This report seeks to analyse the
findings of the data produced for the Scottish element of this project.
The report is based on Instruments 1 and 2 due to time restrictions and
it includes recommendations for future actions and research in this area.
In Scotland, virtually all state secondary schools (age 11-18) have professional librarians who are referred to as "school librarians". These librarians mainly have a bachelor's degree in a subject area (e.g. history) and a postgraduate qualification in Information and Library Management or a bachelor's degree in Information and Library Management. In the private sector, there is a mixture of professional librarians, non-qualified librarians and "teacher librarians" who are teachers who spend a few hours looking after the library. Primary schools in Scotland do not have qualified librarians. The main trend affecting school librarians in Scotland is the decrease in the support which they receive from the local authority School Library Service. There has been a gradual run down in the funding of these services and this affects school librarians in that they now receive less inservice training, professional advice and loan of materials such as books and CD-ROMs. Most schools now have Internet connections and, due to a government initiative, all schools will have networked Internet access within 2 years.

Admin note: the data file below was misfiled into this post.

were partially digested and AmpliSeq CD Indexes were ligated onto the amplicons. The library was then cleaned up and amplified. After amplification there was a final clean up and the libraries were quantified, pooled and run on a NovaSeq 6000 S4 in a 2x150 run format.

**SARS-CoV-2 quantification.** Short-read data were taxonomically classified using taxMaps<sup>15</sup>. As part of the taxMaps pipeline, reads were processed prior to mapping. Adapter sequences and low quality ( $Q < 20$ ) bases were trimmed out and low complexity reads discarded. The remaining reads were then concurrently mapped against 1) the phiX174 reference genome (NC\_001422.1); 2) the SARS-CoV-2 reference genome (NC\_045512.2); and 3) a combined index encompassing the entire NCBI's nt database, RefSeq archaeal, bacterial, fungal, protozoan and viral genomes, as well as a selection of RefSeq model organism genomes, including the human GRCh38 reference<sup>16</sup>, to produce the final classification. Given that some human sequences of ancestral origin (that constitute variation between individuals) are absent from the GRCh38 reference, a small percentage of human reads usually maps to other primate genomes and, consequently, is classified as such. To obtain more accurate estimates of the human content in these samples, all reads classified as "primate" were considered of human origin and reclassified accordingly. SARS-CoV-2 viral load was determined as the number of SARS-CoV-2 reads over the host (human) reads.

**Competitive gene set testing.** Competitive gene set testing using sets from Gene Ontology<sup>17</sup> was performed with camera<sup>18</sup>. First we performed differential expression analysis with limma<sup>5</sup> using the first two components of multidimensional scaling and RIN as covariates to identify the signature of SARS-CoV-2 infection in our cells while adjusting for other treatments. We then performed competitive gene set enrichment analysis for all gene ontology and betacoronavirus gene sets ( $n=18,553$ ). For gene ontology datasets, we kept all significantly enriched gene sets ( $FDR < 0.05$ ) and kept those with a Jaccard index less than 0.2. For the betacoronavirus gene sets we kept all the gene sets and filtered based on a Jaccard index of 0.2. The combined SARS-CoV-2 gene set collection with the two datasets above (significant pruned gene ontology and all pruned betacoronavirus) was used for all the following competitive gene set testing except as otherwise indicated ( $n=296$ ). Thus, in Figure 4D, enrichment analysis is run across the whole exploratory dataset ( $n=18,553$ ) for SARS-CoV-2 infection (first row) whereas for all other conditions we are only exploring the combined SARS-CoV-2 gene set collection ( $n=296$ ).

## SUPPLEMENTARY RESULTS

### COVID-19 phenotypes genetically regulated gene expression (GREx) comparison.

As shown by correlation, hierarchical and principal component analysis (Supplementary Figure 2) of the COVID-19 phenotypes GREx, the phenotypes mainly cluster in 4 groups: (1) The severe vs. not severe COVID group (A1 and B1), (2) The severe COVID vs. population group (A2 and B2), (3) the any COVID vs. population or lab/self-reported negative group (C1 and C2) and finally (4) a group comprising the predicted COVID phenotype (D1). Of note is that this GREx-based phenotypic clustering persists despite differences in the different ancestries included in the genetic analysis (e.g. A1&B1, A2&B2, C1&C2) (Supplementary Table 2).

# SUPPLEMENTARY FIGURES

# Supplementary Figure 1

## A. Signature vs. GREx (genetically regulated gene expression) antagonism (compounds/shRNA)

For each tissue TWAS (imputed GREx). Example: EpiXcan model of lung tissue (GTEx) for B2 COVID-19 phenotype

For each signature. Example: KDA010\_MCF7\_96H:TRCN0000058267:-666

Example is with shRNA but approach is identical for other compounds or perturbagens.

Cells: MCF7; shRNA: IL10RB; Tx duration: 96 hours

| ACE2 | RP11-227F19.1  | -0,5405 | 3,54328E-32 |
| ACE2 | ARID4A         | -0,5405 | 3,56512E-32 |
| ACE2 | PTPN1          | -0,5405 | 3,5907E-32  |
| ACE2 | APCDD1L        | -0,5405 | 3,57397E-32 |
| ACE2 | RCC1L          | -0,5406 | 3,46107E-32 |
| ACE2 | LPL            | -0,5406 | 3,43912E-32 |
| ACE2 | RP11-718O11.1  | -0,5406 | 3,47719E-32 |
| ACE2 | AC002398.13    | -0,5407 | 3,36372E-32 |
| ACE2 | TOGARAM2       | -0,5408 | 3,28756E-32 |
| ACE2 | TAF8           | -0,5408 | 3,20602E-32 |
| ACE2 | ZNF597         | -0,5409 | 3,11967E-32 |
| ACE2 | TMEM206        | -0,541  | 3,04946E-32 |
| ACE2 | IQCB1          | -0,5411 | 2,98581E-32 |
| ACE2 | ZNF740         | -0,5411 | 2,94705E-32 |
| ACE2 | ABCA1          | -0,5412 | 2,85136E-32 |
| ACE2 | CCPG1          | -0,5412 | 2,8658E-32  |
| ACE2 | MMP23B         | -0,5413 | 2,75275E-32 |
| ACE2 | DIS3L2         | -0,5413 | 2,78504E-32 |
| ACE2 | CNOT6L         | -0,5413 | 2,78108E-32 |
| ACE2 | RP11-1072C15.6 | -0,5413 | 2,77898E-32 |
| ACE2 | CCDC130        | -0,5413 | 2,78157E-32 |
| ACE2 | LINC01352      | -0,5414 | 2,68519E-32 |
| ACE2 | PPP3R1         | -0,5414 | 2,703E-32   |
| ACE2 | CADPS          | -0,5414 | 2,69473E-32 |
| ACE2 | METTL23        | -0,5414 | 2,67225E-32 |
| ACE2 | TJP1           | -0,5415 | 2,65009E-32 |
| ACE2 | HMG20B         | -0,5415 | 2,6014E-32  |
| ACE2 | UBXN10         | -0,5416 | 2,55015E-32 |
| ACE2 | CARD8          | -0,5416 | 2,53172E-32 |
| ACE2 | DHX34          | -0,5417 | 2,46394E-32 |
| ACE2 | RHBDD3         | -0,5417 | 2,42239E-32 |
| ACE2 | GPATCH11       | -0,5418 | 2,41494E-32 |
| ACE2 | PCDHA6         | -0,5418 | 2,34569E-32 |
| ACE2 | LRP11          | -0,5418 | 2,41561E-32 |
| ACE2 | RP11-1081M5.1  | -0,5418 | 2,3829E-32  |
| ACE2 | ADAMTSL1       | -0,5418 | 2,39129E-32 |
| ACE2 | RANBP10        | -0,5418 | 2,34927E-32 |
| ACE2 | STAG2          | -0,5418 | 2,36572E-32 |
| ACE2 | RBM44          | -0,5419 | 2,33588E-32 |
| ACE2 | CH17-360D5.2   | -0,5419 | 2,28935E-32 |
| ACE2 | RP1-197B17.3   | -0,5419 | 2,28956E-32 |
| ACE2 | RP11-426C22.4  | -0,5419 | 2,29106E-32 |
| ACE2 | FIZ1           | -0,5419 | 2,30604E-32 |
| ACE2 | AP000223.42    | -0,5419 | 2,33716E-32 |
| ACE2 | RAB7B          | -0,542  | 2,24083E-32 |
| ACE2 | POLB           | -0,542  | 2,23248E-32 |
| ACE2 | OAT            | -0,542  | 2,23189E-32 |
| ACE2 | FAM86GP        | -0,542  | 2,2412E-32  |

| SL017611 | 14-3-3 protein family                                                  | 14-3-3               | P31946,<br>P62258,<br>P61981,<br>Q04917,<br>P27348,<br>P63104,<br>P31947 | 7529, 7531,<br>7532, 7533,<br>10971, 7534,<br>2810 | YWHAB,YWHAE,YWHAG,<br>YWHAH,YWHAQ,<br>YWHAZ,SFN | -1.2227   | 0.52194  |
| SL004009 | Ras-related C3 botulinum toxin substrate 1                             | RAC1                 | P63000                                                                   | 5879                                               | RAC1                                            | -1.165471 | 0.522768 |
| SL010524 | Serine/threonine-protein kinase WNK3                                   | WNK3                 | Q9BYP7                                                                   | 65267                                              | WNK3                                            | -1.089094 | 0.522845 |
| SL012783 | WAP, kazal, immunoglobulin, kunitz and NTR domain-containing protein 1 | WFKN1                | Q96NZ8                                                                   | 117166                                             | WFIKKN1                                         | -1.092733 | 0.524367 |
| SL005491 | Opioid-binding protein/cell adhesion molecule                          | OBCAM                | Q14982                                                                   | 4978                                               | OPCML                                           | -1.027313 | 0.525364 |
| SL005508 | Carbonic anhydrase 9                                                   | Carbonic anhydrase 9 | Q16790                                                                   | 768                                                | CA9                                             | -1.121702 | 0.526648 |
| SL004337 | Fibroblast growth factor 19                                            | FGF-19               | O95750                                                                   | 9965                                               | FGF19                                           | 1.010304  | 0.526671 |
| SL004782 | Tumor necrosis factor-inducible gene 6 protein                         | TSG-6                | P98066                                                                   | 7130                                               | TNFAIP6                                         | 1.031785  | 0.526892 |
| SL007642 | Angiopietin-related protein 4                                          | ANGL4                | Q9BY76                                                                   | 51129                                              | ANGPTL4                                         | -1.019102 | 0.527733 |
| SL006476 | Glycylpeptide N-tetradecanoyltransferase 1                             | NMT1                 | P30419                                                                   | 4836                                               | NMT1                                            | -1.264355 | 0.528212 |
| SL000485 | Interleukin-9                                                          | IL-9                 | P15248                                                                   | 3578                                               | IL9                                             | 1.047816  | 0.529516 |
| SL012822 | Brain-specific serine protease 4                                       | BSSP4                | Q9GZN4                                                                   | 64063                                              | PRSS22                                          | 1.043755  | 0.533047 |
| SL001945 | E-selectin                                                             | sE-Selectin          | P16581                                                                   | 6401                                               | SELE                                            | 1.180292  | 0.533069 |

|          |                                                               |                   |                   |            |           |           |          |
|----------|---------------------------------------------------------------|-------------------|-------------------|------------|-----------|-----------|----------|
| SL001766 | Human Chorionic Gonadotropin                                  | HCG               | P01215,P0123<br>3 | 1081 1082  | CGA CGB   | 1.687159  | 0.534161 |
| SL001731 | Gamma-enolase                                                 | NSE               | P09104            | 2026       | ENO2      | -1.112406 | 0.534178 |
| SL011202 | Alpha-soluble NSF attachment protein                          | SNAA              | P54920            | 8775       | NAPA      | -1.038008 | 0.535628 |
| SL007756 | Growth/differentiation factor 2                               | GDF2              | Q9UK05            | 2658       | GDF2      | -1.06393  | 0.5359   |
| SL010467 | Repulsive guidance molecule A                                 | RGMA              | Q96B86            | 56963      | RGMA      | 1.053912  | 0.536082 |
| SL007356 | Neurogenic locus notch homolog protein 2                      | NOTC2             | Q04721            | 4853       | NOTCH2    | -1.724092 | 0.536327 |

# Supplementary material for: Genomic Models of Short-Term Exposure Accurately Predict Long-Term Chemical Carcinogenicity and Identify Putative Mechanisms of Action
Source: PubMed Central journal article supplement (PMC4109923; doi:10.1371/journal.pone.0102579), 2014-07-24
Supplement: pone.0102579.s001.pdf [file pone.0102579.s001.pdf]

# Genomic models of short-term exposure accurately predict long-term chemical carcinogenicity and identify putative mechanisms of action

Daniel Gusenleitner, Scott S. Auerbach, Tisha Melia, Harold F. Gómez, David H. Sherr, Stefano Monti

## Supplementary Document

For this project, it was decided